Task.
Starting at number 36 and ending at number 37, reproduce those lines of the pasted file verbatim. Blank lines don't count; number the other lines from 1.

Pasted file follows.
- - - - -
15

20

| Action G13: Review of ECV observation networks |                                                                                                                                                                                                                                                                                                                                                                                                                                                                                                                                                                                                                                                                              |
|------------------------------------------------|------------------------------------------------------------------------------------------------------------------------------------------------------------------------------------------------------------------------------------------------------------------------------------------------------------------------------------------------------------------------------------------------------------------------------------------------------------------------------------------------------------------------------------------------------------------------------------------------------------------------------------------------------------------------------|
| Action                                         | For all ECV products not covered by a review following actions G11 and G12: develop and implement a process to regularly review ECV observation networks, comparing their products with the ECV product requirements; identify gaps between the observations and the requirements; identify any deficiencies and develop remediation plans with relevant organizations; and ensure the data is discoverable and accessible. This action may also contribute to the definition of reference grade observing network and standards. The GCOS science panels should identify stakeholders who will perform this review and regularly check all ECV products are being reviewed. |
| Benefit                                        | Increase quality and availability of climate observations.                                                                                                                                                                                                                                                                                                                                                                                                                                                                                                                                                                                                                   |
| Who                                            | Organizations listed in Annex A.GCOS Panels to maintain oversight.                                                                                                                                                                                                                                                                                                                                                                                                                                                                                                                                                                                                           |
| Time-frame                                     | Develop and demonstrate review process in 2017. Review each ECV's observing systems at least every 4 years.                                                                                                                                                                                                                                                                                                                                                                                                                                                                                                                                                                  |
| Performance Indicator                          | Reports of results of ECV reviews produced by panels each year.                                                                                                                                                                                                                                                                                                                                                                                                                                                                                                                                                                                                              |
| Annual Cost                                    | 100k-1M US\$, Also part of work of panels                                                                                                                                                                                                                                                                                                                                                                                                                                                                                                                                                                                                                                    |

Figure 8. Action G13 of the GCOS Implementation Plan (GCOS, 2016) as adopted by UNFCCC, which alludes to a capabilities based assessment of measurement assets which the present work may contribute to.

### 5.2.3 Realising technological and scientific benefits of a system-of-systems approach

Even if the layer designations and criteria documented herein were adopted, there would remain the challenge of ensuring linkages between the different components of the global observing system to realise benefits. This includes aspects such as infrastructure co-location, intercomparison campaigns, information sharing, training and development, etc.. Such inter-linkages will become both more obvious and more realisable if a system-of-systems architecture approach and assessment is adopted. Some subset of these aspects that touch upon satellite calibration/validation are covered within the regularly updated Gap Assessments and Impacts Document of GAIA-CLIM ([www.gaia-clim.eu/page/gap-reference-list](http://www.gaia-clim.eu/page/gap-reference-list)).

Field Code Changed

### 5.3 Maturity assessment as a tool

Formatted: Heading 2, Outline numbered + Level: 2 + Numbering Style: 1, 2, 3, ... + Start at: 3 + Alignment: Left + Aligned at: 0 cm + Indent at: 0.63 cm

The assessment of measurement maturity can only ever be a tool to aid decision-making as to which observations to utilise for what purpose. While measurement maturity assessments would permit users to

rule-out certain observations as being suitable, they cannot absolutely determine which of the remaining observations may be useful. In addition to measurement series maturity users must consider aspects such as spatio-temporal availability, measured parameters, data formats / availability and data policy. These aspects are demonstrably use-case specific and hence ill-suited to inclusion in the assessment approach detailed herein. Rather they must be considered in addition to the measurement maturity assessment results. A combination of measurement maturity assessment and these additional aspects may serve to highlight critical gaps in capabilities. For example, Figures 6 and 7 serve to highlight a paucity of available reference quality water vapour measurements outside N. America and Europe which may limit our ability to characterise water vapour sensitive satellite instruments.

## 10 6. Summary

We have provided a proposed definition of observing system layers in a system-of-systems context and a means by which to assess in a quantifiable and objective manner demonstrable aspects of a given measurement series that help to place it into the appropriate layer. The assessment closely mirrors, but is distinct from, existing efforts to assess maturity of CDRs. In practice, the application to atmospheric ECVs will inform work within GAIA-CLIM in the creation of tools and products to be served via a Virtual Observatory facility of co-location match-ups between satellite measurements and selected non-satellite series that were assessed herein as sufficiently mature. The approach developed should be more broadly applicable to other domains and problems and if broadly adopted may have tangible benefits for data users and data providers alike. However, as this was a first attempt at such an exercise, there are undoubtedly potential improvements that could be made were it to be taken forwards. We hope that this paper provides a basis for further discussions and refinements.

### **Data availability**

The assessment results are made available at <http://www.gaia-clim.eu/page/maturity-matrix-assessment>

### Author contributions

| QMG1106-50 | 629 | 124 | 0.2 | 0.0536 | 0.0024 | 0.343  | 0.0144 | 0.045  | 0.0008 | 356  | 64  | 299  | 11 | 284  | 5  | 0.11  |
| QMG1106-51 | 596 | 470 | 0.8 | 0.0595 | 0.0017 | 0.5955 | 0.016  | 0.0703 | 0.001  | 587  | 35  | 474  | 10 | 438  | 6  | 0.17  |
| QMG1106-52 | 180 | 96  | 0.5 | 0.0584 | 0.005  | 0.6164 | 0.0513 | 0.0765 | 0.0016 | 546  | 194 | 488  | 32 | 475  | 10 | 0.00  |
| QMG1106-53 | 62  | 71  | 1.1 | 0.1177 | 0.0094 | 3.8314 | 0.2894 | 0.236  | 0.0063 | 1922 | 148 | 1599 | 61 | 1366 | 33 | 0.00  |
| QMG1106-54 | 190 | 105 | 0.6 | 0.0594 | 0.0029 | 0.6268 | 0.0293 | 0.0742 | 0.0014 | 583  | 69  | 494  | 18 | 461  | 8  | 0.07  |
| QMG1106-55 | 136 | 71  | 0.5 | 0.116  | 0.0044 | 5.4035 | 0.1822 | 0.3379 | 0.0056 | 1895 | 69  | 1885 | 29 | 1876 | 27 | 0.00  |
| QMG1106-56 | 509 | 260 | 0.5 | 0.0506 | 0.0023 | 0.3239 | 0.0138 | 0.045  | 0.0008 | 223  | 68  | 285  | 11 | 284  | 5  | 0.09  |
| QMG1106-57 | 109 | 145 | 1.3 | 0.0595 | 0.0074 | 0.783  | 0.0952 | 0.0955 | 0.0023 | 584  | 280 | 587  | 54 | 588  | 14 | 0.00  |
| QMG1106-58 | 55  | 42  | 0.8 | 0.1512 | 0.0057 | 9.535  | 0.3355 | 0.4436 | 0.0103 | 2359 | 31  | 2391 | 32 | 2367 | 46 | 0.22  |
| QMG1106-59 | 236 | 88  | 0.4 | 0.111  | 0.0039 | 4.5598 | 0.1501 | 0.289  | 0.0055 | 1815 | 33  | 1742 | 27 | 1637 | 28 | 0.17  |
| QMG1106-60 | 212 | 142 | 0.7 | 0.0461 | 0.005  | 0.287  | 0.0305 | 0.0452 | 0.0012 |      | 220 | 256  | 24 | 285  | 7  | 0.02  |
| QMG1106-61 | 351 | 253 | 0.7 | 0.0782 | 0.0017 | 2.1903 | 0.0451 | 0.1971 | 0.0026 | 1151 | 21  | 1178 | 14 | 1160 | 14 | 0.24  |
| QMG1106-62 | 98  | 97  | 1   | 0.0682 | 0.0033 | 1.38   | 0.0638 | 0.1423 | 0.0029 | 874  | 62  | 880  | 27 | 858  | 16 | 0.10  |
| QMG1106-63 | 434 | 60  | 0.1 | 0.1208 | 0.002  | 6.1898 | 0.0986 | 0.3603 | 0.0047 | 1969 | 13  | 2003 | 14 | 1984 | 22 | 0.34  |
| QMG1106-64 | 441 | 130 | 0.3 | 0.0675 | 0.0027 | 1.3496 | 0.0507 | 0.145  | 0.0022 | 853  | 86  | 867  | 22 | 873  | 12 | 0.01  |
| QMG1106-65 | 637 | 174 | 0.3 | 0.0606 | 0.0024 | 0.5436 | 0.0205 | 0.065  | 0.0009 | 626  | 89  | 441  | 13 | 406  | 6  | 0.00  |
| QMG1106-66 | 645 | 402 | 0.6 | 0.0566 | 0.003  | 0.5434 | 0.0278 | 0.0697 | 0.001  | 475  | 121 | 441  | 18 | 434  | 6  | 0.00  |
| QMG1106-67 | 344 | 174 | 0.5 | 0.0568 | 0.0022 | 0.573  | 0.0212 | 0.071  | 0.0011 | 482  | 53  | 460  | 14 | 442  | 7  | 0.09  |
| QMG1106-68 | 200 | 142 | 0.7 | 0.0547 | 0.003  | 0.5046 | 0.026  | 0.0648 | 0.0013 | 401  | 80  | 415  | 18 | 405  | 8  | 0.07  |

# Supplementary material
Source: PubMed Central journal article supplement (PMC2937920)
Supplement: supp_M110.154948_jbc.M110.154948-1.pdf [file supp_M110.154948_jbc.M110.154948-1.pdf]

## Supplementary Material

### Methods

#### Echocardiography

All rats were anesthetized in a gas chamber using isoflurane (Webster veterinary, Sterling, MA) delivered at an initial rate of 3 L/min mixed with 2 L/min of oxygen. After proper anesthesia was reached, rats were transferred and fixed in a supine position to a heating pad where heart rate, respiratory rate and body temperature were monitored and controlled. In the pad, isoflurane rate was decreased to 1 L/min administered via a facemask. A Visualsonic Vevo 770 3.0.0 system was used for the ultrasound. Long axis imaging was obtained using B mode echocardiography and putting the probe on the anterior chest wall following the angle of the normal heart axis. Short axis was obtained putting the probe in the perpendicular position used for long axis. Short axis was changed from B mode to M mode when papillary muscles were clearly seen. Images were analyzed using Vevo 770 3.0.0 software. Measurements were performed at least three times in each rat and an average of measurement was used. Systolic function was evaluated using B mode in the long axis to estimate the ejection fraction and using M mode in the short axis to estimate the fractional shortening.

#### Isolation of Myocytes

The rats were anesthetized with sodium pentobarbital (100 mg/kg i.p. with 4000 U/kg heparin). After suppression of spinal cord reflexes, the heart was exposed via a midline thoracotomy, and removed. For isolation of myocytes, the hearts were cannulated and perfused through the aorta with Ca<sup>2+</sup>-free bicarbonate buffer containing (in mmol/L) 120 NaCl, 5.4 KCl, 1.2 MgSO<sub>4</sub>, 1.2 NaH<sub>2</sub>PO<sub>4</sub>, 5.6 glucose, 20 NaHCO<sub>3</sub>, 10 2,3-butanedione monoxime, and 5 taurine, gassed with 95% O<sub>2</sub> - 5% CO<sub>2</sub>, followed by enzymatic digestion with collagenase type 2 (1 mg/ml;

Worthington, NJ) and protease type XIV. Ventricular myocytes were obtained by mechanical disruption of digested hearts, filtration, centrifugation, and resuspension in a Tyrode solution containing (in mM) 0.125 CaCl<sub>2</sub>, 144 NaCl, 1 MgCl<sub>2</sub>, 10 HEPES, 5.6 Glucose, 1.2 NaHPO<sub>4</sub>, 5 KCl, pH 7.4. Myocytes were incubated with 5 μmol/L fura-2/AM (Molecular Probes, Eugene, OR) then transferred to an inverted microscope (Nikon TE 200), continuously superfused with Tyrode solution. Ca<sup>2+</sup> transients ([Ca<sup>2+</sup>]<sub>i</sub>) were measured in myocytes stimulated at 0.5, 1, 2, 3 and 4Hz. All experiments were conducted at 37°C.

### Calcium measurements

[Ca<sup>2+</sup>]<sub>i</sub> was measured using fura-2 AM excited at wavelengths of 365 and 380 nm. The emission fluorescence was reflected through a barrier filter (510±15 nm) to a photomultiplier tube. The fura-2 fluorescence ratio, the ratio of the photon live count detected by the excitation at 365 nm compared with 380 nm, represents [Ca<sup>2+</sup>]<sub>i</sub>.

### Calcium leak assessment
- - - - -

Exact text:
| QMG1106-62 | 98  | 97  | 1   | 0.0682 | 0.0033 | 1.38   | 0.0638 | 0.1423 | 0.0029 | 874  | 62  | 880  | 27 | 858  | 16 | 0.10  |
| QMG1106-63 | 434 | 60  | 0.1 | 0.1208 | 0.002  | 6.1898 | 0.0986 | 0.3603 | 0.0047 | 1969 | 13  | 2003 | 14 | 1984 | 22 | 0.34  |